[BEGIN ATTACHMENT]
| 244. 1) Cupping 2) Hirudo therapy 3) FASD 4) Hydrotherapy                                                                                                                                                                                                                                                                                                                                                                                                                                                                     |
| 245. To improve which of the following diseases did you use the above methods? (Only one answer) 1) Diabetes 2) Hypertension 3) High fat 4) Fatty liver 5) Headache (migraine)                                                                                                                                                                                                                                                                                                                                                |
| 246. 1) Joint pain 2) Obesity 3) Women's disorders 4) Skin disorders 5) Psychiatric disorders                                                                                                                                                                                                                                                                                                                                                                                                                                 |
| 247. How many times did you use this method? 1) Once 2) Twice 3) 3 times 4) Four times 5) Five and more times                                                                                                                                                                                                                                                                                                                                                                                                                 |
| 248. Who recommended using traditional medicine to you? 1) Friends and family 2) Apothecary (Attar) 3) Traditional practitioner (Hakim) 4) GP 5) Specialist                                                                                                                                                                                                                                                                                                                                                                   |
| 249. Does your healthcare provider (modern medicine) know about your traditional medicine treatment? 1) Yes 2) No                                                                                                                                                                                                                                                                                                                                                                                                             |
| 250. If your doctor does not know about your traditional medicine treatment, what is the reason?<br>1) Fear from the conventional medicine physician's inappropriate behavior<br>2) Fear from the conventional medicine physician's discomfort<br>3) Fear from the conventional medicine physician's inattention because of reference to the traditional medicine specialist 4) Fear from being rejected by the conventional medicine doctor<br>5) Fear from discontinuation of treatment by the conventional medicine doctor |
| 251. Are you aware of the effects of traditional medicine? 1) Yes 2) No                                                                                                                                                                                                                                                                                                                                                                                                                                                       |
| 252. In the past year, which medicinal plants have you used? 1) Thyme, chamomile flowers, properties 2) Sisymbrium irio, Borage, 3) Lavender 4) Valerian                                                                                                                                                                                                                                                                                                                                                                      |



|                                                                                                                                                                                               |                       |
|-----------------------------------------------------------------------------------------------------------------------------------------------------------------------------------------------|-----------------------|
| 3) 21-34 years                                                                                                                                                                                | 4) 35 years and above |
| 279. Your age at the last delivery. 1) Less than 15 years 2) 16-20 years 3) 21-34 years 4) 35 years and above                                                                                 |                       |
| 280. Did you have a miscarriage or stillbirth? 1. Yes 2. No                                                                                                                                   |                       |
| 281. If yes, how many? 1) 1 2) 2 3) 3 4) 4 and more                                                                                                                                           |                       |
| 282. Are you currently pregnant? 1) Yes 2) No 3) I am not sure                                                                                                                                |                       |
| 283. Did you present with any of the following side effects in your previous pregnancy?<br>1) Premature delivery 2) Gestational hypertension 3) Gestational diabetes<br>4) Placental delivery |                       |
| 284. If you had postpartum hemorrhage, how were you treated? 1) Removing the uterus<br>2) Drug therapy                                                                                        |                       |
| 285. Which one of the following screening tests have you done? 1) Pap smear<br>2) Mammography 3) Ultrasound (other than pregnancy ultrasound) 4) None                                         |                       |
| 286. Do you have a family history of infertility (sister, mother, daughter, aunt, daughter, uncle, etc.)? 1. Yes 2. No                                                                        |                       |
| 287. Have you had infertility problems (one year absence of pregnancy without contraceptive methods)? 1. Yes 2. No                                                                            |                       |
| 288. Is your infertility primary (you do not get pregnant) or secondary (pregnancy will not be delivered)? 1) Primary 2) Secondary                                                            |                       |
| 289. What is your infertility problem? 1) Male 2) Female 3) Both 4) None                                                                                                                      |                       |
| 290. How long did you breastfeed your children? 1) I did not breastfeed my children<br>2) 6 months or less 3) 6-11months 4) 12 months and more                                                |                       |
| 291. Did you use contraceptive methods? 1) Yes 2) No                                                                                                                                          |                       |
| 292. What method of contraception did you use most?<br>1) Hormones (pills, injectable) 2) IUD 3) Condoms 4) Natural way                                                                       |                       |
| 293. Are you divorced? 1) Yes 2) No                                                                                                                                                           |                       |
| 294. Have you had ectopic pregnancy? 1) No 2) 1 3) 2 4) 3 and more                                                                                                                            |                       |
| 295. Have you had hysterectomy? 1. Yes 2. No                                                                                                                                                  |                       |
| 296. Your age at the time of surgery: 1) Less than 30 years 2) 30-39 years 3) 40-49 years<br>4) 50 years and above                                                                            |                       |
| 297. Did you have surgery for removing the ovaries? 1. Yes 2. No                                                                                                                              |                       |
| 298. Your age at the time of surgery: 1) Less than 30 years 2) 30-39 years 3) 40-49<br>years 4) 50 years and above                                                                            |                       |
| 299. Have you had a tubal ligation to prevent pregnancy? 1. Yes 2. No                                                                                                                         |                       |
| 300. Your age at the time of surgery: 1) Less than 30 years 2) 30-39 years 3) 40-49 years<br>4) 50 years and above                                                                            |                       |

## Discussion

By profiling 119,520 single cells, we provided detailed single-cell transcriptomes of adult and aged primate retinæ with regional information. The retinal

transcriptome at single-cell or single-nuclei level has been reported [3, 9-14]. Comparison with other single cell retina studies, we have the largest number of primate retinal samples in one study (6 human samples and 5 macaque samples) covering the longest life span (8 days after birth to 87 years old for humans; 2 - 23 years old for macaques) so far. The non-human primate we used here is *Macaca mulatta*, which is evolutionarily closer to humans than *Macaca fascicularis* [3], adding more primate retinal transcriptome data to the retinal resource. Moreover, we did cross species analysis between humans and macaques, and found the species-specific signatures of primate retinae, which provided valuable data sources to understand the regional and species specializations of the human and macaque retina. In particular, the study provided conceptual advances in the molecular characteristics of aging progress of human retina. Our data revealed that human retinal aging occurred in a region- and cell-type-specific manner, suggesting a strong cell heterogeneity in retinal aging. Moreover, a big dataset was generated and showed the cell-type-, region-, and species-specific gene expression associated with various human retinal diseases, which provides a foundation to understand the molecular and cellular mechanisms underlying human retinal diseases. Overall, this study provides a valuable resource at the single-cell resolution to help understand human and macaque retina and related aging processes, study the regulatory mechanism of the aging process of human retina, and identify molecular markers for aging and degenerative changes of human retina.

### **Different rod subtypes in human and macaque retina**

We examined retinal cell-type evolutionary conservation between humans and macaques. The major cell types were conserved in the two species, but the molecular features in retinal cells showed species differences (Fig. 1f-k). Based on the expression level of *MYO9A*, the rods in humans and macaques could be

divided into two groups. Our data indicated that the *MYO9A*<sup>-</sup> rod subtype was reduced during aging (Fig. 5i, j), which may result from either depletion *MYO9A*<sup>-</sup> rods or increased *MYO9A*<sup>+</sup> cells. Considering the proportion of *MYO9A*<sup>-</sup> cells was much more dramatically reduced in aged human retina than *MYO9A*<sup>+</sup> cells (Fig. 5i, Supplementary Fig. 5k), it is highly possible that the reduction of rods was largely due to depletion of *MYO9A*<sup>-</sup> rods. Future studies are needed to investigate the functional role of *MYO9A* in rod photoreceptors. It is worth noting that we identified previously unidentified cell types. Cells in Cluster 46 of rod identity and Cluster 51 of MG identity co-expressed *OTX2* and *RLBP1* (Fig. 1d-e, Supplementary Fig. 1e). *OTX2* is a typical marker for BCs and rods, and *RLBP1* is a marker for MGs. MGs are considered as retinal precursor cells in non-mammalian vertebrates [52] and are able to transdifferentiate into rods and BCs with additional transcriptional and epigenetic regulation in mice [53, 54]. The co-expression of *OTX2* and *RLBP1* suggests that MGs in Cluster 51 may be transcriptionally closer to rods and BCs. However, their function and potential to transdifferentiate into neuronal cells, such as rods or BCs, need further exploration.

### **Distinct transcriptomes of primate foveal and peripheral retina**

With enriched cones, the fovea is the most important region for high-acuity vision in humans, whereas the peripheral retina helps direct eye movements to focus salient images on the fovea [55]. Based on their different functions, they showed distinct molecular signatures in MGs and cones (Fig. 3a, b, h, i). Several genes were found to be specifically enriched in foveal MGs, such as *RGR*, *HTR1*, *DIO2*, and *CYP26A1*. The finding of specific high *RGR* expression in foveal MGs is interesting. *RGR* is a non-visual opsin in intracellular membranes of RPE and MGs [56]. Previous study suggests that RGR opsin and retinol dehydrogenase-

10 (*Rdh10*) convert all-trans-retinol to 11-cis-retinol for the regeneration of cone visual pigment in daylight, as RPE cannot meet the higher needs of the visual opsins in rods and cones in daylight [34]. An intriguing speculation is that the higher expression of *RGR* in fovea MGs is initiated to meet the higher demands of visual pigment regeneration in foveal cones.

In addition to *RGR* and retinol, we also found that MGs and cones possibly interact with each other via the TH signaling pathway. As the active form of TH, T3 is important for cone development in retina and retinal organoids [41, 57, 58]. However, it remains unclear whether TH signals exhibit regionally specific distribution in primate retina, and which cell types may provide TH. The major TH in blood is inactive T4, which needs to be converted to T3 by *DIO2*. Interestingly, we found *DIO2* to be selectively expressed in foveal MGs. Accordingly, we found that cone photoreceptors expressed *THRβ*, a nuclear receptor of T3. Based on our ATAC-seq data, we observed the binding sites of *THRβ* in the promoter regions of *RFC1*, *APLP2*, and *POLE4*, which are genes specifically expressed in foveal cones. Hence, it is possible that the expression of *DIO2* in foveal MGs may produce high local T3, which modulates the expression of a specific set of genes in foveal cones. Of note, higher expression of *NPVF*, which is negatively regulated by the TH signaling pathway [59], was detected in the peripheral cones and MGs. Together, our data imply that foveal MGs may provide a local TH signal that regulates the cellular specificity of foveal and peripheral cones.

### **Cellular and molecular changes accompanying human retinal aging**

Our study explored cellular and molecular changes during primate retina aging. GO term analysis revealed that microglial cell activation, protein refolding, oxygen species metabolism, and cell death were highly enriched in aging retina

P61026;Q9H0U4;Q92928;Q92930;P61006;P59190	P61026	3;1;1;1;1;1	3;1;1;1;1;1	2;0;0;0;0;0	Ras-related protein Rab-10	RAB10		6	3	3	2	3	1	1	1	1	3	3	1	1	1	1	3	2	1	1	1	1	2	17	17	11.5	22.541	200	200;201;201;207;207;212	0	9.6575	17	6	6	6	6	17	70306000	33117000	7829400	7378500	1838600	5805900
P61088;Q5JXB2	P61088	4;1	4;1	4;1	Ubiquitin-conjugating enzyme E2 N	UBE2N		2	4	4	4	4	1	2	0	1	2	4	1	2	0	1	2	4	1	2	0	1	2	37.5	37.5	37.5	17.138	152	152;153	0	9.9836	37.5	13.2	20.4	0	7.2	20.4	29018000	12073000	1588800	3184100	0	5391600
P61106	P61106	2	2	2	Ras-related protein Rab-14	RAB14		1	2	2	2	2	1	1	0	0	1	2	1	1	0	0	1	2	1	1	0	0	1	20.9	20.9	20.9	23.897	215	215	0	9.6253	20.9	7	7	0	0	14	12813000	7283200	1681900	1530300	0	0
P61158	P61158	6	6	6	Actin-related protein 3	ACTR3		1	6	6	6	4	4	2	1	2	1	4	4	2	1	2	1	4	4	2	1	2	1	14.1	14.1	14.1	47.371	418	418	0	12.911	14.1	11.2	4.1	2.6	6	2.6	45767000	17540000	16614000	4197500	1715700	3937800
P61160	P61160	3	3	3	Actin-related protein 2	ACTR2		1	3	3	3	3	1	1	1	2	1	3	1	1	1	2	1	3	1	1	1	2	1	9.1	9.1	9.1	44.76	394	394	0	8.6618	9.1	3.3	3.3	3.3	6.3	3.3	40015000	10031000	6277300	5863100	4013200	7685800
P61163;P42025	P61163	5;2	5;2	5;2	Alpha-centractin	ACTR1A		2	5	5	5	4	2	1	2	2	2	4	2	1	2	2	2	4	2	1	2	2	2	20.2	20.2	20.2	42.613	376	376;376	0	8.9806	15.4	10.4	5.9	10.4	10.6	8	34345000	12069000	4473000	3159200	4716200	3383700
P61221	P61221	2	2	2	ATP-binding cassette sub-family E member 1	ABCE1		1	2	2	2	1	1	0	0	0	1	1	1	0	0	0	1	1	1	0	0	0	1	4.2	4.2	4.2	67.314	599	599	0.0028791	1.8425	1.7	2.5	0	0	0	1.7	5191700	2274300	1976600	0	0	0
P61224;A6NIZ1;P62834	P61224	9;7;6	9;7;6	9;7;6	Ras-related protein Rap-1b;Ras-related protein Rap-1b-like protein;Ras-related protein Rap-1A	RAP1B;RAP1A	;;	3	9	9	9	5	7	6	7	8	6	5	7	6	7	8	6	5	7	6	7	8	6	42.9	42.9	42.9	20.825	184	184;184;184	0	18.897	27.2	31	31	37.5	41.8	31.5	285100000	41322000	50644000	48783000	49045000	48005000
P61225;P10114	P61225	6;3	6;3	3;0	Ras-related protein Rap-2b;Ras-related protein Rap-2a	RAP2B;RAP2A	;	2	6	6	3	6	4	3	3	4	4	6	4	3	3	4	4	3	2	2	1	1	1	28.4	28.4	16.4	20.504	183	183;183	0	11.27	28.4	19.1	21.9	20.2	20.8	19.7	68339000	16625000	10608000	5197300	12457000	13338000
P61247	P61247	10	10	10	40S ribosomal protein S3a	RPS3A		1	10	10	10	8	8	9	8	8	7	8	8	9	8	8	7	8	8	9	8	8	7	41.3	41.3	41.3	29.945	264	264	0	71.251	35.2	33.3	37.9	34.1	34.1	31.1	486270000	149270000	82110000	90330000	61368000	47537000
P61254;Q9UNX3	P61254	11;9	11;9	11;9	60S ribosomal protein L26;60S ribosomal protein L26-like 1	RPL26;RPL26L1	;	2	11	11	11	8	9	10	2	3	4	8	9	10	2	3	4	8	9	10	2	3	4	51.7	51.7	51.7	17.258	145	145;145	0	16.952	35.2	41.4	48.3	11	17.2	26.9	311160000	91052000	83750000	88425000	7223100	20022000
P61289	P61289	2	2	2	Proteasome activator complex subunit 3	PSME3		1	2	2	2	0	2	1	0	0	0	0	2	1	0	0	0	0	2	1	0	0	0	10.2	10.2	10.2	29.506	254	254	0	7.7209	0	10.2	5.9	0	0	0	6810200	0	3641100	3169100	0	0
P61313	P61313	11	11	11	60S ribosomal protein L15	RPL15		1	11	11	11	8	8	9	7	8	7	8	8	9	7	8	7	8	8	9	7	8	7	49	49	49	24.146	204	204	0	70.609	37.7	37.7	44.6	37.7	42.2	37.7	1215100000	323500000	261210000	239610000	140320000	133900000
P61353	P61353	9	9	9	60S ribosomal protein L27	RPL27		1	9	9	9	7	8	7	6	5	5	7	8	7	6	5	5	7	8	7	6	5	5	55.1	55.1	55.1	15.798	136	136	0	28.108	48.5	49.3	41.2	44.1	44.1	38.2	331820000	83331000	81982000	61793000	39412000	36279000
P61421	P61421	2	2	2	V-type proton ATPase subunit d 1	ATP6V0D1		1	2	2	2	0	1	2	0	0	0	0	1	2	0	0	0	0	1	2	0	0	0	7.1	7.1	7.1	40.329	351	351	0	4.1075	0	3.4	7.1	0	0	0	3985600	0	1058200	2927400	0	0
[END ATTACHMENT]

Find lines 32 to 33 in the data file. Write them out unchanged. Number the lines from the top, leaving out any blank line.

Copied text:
| 298. Your age at the time of surgery: 1) Less than 30 years 2) 30-39 years 3) 40-49<br>years 4) 50 years and above                                                                            |                       |
| 299. Have you had a tubal ligation to prevent pregnancy? 1. Yes 2. No                                                                                                                         |                       |